JO: We were a little nervous about being in the lingerie—that was probably the biggest mental hurdle. But it was funny because on the day, we preferred being in the lingerie! It got so hot, we wanted to be in as little clothes as possible.

MULLINS: That was really the first big fight of the new year, too, and they really kicked it off with a bang. That was the longest fight to date we did.

WEN: Our producers are like S.H.I.E.L.D. [laughs]. Marvel is S.H.I.E.L.D.. We don’t really get much information until about the week before. On the day of, you have the set and you have the cameras, and you have to deal with special effects, because on top of everything else we had to scan my face and go through this incredible process of taking a million pictures so they were able to meld it onto Sam’s face. It changes a lot from when we rehearse it to when we actually bring it on set. It was really challenging in making sure that we were clear on who was doing what and when, and then trying to incorporate all those other elements. It was quite an intense three days.

JO: I know many of the shots were trying to avoid any crotch shots [laughs]. There were probably about 20 or so wardrobe changes between the two of us in one day. There were a couple accidental boob punches.

GILL: Rehearsals were extensive. Ming is one of the most professional actresses I have ever had the pleasure of working with. Her dedication is always absolute. Clark was involved as well. Both are amazing athletes and always creatively involved in our stunt sequences. Their contributions were invaluable.

MULLINS: It was fun going online to see everyone’s reaction, seeing all the gifs people were making and the replay stuff—the double drop kick through the window and the jump off the table. Everyone’s like, “It’s okay, it’s just TV.” But we wanted to see it be good for anything, good for the Marvel universe. All the Marvel movies have set the bar so high that everyone involved constantly wants to surpass that expectation.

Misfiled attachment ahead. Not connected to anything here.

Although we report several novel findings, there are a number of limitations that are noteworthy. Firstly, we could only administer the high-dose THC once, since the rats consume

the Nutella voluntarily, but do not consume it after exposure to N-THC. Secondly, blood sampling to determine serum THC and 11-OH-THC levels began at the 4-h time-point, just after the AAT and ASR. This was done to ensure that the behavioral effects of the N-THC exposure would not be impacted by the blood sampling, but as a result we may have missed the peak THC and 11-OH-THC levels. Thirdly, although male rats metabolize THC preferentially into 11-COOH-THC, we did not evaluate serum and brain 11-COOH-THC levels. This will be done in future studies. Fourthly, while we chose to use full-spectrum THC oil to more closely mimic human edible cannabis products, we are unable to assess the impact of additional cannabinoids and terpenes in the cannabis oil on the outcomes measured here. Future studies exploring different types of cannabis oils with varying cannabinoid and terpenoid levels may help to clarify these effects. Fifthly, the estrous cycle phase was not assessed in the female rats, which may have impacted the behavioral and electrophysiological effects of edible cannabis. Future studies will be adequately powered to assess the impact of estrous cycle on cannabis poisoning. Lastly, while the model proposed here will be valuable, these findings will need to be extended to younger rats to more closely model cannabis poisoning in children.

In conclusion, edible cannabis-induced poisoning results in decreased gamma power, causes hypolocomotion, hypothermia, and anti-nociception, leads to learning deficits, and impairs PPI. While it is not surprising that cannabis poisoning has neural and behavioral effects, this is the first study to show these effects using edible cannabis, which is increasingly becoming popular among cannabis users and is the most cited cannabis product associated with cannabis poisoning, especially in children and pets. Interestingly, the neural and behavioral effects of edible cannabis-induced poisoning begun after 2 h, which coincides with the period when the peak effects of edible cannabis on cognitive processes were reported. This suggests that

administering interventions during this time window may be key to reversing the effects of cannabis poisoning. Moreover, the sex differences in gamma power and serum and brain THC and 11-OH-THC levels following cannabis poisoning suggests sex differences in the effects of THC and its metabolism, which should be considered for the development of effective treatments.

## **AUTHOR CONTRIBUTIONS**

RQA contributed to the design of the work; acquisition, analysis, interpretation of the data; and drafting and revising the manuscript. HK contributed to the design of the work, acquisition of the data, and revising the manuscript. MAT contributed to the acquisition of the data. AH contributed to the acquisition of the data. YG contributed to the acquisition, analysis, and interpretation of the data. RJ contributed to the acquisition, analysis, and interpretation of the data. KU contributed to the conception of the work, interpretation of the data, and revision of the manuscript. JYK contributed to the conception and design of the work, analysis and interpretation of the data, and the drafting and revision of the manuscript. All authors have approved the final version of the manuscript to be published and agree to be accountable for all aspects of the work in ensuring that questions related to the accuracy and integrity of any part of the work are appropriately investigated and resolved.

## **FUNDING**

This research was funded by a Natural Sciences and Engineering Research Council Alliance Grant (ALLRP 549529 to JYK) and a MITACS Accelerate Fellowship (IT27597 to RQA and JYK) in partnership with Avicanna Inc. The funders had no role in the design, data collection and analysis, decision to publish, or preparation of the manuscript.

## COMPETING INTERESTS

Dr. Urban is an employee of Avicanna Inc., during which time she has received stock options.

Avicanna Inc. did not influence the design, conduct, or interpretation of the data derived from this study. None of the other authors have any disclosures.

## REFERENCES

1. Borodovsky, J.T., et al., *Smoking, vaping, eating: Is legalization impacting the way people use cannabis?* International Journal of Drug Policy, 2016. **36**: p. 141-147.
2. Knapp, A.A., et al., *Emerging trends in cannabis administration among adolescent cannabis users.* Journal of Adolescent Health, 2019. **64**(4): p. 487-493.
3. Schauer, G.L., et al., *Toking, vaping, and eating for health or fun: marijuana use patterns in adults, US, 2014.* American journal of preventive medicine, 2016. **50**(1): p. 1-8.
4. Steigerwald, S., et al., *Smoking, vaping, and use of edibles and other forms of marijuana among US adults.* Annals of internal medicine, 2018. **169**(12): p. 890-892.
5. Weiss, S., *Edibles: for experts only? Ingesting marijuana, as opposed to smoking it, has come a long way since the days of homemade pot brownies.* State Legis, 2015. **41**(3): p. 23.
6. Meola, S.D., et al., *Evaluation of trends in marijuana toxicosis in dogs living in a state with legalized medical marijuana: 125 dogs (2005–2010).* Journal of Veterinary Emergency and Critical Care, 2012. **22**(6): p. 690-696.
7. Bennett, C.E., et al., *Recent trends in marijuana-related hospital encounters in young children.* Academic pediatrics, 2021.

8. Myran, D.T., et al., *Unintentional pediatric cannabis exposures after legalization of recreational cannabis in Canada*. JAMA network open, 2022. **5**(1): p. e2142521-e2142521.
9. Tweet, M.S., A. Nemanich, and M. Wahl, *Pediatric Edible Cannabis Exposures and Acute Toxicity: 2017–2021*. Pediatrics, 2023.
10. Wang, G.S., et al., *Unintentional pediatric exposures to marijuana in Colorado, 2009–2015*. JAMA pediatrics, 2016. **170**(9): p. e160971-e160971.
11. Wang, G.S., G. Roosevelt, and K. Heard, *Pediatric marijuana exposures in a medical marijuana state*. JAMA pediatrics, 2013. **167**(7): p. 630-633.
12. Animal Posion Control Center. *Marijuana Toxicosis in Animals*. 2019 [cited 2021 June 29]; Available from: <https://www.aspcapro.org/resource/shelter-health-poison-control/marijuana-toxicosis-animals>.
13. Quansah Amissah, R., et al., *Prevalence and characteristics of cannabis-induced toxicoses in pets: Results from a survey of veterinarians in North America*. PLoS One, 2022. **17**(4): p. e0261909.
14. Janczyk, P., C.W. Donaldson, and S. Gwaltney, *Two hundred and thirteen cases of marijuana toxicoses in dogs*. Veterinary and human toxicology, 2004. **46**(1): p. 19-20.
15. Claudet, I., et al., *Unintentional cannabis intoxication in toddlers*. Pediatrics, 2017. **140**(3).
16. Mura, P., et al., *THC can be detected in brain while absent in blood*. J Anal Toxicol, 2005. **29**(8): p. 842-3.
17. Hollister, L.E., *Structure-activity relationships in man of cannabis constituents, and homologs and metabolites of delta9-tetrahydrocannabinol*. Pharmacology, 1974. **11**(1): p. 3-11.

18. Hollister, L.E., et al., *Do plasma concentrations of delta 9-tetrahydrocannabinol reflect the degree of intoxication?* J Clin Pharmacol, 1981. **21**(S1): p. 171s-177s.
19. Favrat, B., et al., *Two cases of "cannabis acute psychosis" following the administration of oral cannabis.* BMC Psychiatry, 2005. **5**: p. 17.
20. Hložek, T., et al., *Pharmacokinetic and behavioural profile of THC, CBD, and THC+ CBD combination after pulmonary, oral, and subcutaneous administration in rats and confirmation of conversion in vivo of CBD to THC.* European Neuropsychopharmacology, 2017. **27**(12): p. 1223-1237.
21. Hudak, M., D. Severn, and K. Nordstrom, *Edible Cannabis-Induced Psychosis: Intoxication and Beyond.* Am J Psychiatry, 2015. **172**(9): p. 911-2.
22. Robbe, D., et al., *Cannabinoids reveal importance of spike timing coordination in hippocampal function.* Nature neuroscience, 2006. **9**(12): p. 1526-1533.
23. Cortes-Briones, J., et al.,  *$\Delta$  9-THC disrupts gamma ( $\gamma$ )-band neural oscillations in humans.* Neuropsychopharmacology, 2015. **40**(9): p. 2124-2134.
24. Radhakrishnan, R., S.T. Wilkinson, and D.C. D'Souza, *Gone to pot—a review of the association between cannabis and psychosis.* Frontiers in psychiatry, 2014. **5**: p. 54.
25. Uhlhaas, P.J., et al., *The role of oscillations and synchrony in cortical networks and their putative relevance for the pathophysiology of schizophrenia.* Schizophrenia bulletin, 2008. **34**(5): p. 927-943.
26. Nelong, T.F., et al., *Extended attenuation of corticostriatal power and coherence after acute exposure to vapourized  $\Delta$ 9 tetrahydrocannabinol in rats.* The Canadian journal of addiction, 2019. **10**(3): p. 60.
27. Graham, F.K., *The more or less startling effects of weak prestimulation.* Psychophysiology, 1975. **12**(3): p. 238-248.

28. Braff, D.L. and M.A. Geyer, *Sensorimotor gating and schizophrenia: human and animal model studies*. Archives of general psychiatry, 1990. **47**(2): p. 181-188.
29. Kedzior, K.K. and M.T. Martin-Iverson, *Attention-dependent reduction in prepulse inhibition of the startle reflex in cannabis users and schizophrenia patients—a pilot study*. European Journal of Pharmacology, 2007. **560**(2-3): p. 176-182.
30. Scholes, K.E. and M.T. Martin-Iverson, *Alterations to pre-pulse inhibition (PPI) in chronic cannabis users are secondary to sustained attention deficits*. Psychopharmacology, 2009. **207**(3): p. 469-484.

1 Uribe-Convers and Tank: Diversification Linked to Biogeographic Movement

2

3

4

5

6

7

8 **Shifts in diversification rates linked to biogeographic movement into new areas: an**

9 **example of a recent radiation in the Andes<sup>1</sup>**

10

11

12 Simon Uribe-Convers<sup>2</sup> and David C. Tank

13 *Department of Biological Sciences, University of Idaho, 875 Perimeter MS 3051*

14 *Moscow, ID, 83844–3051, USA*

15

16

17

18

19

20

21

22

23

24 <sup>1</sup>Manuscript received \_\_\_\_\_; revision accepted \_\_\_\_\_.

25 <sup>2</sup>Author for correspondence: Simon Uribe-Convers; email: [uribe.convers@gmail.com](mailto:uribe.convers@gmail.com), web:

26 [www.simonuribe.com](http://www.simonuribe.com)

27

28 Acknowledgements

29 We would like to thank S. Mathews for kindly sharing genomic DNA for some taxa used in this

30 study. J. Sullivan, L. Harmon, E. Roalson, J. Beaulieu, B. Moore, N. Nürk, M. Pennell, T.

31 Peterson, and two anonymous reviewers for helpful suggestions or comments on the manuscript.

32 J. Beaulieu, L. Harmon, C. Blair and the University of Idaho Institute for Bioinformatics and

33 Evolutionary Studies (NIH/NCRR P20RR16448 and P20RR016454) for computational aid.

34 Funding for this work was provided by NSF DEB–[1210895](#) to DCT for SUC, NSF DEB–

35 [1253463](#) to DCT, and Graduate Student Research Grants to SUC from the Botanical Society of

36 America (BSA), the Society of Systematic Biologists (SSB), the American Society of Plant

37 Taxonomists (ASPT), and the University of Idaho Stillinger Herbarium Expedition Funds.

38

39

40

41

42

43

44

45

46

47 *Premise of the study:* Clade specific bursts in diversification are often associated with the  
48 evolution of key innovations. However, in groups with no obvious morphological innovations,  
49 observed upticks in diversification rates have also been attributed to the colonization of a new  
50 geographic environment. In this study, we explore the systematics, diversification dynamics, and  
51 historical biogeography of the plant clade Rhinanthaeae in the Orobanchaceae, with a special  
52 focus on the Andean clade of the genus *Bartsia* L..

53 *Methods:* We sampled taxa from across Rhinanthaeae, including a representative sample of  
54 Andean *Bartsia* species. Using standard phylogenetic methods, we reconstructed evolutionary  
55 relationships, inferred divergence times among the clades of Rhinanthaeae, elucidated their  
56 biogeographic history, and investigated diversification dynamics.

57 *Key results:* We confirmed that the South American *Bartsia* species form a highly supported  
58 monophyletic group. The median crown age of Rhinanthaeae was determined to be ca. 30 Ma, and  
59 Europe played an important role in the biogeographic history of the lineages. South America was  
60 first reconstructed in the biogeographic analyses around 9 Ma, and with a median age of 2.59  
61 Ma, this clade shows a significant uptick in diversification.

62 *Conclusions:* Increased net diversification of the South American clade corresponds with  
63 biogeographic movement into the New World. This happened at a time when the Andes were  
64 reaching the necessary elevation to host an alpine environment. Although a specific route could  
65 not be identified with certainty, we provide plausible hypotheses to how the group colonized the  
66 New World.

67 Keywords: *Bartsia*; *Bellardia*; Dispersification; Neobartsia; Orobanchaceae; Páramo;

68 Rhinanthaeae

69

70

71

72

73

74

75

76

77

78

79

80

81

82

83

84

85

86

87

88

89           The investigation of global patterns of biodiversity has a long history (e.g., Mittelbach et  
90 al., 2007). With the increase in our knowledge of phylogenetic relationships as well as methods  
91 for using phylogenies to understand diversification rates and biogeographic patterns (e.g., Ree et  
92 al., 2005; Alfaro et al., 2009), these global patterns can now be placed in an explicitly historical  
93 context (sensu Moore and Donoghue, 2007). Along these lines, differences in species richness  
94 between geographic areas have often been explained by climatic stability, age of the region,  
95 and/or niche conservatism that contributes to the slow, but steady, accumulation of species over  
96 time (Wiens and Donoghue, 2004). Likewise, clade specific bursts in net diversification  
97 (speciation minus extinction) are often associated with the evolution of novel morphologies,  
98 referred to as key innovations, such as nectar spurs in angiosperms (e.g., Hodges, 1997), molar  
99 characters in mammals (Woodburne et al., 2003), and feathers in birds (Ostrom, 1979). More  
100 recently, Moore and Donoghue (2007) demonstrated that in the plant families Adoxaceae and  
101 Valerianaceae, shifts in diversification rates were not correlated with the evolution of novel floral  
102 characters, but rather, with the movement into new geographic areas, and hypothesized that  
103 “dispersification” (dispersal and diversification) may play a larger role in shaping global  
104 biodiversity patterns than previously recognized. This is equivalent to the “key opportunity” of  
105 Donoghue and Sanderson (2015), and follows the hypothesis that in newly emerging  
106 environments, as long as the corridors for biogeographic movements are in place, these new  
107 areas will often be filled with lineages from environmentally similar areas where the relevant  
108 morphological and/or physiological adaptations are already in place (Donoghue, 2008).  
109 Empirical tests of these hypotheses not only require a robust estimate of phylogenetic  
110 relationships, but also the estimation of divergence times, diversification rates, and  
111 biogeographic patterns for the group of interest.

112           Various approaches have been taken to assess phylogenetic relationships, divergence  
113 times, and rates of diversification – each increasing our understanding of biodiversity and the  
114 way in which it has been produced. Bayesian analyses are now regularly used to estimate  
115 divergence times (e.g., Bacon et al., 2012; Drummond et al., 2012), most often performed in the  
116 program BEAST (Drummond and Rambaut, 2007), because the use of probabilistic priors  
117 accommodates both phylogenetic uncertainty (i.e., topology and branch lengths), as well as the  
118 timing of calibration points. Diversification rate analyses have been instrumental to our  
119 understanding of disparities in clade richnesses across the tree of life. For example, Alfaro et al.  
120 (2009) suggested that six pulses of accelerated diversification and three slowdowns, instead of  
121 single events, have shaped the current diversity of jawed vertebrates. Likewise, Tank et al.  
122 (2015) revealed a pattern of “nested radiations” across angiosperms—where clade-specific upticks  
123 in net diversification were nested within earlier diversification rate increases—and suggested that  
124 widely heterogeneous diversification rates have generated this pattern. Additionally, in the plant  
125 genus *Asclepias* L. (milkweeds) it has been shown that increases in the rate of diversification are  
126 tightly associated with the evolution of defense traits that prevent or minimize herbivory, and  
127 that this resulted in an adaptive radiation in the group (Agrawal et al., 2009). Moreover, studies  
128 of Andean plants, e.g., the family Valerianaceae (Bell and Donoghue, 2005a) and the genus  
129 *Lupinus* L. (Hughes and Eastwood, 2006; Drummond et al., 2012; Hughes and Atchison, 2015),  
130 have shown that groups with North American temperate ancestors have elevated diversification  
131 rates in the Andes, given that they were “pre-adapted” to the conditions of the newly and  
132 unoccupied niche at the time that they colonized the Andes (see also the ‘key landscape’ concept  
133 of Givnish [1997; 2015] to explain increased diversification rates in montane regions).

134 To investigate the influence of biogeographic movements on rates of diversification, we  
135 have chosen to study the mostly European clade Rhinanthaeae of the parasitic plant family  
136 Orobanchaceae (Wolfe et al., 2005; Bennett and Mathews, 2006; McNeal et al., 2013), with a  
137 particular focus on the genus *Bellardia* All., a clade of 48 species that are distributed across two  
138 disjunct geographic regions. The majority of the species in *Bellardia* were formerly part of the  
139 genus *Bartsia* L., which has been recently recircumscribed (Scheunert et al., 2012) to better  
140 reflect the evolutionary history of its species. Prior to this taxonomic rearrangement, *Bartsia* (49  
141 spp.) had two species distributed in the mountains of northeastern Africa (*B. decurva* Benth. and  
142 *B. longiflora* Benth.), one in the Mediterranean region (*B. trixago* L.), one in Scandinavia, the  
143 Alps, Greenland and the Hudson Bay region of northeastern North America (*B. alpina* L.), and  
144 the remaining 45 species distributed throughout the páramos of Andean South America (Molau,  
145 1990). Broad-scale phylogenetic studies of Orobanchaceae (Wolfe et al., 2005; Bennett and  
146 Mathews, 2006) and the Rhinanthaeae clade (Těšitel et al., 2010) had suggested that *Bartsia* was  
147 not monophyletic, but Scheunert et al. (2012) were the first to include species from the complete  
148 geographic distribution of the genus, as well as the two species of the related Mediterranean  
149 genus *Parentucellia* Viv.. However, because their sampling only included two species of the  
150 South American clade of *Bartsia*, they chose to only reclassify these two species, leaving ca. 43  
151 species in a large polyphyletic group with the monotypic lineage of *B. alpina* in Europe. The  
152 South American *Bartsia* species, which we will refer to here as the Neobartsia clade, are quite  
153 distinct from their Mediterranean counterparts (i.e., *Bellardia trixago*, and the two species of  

JO: I have to admit I was instantly on the Internet looking up reviews and gifs that people made. I just really wanted to see if they liked what we did, because we put so much effort into it. From the vision of Kevin Tancharoen, the director, to the execution from Garry, who was our second unit director and our action director, to Tanner, who made things as safe and smooth as possible, to Matt who choreographed punch for punch, to Ming and I performing it…it’s such a collaborative effort.

WEN: I think you feel just such a sense of accomplishment because that’s our job. Our job is to blow people’s minds or entertain them and make it a great experience if they’re watching our show. I remember they had showed the episode at the New York Comic Con. Clark Gregg was able to go, and he immediately texted me and was like, “Oh my God, the fans are going nuts over the May vs. May fight.” And it still gives me chills, because that’s what we want. All that hard work is for that moment.

MULLINS: To choreograph a fight is constantly trying to be open to doing things differently, and making things creative as possible. Any sequence that you ever do, it doesn’t matter if it’s two punches or 50 punches. The same amount of danger is always there. In order to make something look organic and real, the performers and stunt performers have got to punch each other as hard as they can. For everyone to do those movements and do that choreography and thread the needle like we do every single week, it’s exceptionally difficult. And no one really understands how difficult it is to make something look as organic as what Sam and Ming have been able to pull off.

JO: Also, trying to come up with things people haven’t seen before. There have been so many action movies and so many Marvel movies, you’re constantly wanting to set the bar higher and higher. And it feels like the moves that are even possible just get narrower and narrower cause they’ve been done before. I’ve never seen the move for the head smash before; Matt was really the first person to show that to me.

MULLINS: Both of us—myself and Sam—we worked with Kevin on Mortal Combat, so we knew the level that the director was wanting. So we both felt every piece had to be awesome, because he’s known for putting together amazing sequences that are both unique and hard hitting.

WEN: Since I’ve been getting more proficient at doing the stunt fighting, I’ve definitely noticed I get a lot less bruises.

JO: I always remember the fight days. I never remember the pain afterward [laughs]. Maybe that’s why I keep on doing it. But I definitely had more fun than any amount of pain I may or may not have suffered. It’s always worth it. That’s why I keep coming back.

GILL: I have been a stuntman for over 25 years and a coordinator for more than a decade. In that time it has been my greatest honor to be involved with Marvel’s Agents of S.H.I.E.L.D. It’s more than a television production—it’s a band of brothers and sisters striving for the best.